Shouldn’t a place where the broken, risen body of Christ has been shared, given and communed across time and denominations mean something?

For nearly ten years I worshiped in a space that was built by the Methodists, then occupied by a brewery, a disco, the Baptists, and some other commercial interests during its 100+ year history (not to mention squirrels and other critters in the attic). Houses of worship that have been around for a while feel different. There is a kind of spatial patina that can rub off on unsuspecting visitors, enriching the music, the prayers, the communion of saints. At times in church, I could sense the hopes and desires of past parishioners. My great-grandparents never worshiped there, but someone’s did.

The Providence Heights space is unique as a theological school, first for nuns, then for Lutheran women and men. Let me repeat that: the school was built to educate women first. It may be tempting to be dismissive of a training school for Catholic nuns, but considering how difficult it still is–globally speaking–for women to receive any kind of dedicated theological education, let’s just say this is significant. While the chapel was not a community church per se, it served as a basin for the missio Dei, and a nest from which hopeful young Christians followed the call of the Spirit to the world.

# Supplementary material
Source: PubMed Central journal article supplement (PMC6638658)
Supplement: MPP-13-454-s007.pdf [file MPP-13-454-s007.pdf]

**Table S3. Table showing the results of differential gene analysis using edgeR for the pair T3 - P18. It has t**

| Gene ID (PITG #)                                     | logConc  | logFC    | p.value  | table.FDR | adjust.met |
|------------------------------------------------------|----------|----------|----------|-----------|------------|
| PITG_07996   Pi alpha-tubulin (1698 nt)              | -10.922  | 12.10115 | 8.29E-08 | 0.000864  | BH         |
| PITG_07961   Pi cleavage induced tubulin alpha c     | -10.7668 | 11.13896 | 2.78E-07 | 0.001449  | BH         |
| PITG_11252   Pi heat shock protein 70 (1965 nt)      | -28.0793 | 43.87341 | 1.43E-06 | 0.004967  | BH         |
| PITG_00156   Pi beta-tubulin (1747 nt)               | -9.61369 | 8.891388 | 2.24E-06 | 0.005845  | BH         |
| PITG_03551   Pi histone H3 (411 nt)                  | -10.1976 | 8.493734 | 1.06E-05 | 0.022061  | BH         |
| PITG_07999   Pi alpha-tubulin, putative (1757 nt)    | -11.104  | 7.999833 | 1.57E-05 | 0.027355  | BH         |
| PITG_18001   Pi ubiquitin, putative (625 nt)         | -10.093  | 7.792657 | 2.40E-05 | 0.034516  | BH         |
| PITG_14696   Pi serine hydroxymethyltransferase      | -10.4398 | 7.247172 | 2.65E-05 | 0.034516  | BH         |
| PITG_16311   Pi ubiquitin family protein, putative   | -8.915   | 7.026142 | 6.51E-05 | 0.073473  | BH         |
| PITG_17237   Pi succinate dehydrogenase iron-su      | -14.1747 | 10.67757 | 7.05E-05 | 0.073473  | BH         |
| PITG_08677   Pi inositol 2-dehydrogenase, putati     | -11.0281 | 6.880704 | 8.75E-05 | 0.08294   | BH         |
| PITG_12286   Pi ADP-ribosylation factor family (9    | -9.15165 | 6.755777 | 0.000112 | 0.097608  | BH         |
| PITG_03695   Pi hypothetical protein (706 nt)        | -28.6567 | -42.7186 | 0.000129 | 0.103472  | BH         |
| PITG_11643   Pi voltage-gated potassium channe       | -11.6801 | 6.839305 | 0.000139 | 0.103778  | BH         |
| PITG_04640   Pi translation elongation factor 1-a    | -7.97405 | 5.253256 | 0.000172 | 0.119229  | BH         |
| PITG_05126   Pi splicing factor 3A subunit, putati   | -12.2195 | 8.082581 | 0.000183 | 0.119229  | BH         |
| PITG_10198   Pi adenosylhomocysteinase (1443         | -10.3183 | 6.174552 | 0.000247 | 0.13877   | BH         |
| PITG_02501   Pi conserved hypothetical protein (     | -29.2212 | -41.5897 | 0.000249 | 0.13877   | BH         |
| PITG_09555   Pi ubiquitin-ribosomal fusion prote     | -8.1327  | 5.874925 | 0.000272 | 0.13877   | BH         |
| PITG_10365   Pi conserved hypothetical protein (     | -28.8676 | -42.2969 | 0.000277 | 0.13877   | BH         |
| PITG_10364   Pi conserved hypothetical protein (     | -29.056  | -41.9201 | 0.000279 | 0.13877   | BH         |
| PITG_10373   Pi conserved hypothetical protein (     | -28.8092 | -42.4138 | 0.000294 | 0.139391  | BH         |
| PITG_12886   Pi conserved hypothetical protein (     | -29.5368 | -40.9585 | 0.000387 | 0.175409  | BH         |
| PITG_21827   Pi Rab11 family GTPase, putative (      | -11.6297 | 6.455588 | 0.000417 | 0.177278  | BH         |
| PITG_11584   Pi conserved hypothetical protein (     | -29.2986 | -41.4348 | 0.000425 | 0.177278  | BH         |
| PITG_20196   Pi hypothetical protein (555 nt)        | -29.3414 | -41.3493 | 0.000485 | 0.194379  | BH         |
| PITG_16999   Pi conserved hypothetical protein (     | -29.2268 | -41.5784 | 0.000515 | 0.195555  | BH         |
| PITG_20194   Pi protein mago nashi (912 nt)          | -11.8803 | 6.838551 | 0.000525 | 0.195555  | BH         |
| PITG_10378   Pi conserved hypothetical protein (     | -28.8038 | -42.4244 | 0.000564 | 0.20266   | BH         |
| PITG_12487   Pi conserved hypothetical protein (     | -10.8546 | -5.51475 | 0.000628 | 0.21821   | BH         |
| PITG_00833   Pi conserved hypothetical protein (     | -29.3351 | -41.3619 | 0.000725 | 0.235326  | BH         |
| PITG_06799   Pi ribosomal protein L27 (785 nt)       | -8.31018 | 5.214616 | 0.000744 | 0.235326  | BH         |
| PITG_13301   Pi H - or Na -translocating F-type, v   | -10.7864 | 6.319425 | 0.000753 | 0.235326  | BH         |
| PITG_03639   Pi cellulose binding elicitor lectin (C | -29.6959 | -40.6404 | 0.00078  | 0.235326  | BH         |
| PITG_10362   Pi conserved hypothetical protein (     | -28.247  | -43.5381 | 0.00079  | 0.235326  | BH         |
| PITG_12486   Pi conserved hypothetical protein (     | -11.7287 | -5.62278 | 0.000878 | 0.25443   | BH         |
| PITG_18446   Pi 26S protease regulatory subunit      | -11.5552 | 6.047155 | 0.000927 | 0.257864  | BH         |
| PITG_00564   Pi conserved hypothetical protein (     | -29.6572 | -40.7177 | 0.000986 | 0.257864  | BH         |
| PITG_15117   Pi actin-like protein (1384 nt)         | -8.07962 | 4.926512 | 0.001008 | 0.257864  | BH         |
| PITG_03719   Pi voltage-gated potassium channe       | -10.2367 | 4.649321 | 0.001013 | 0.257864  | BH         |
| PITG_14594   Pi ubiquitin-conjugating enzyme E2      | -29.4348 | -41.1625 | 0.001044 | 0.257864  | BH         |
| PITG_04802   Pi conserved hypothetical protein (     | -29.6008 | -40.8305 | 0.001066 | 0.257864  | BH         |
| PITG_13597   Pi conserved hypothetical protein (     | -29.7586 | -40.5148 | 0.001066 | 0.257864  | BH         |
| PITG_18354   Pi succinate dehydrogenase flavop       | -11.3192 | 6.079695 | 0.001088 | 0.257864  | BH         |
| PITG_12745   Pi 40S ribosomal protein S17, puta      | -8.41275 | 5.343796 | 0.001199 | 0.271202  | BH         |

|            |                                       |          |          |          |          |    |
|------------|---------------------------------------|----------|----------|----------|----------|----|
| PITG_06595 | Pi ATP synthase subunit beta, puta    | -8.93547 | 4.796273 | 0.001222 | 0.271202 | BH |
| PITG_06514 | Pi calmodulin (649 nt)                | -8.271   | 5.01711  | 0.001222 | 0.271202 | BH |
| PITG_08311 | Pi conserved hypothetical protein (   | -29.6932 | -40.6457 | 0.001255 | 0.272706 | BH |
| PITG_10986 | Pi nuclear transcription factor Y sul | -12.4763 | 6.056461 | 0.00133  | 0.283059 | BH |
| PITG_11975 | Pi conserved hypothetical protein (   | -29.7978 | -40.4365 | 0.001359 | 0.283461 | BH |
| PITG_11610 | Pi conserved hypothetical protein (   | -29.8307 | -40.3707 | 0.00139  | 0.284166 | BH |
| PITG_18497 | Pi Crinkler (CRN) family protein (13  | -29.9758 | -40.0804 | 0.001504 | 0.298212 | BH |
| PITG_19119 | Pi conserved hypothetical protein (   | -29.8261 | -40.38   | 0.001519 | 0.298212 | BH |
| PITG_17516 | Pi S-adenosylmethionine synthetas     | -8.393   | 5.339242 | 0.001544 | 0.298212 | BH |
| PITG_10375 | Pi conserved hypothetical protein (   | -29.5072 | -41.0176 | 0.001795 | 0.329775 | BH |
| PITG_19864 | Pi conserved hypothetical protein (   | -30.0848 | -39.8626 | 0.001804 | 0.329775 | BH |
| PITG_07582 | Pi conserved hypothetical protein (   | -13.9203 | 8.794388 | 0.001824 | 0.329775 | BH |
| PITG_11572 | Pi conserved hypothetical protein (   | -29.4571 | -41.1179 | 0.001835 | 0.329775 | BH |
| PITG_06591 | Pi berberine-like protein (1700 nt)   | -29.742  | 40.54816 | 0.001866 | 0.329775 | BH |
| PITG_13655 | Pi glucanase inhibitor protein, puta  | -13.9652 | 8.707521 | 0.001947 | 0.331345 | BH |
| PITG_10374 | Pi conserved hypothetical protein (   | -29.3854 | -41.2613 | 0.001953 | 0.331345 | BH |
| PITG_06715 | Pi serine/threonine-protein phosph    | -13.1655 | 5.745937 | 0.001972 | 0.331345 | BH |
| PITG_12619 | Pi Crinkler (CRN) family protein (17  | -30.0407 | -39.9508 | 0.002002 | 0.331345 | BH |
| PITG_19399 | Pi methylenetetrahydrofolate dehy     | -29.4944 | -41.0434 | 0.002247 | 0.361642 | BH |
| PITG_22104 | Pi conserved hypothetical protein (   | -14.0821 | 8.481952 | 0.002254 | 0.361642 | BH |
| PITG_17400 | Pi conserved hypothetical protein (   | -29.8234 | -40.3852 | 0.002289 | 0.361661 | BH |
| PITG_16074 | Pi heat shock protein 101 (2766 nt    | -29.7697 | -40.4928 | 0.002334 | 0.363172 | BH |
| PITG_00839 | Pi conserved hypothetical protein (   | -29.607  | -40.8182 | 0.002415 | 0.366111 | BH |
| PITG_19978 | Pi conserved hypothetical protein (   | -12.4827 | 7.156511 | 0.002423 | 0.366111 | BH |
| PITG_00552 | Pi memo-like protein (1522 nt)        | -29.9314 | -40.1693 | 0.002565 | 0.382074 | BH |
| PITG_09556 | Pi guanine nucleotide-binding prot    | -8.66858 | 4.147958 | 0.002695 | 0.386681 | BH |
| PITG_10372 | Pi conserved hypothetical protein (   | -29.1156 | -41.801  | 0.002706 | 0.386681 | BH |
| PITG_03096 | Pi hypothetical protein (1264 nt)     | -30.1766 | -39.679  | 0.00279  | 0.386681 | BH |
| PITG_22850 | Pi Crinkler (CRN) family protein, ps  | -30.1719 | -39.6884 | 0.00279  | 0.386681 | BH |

Surely, a fellow religious organization such as City Church, with its focus on developing relevant leaders for the world, would understand such a history?

At a time when property values are soaring out of reach, churches are shrinking, and decisions for survival must be made on a purely economic basis, does City Church (or any church) have a responsibility to history or tradition? What does it look like to honor the people who have gone before in particular places; who have celebrated the Lord’s supper, and proclaimed his death and resurrection in these walls? This week of Pentecost, I pray for a creative solution for the people of Issaquah, for City Church, and the Providence Heights campus. Come, Holy Spirit, and breathe new life.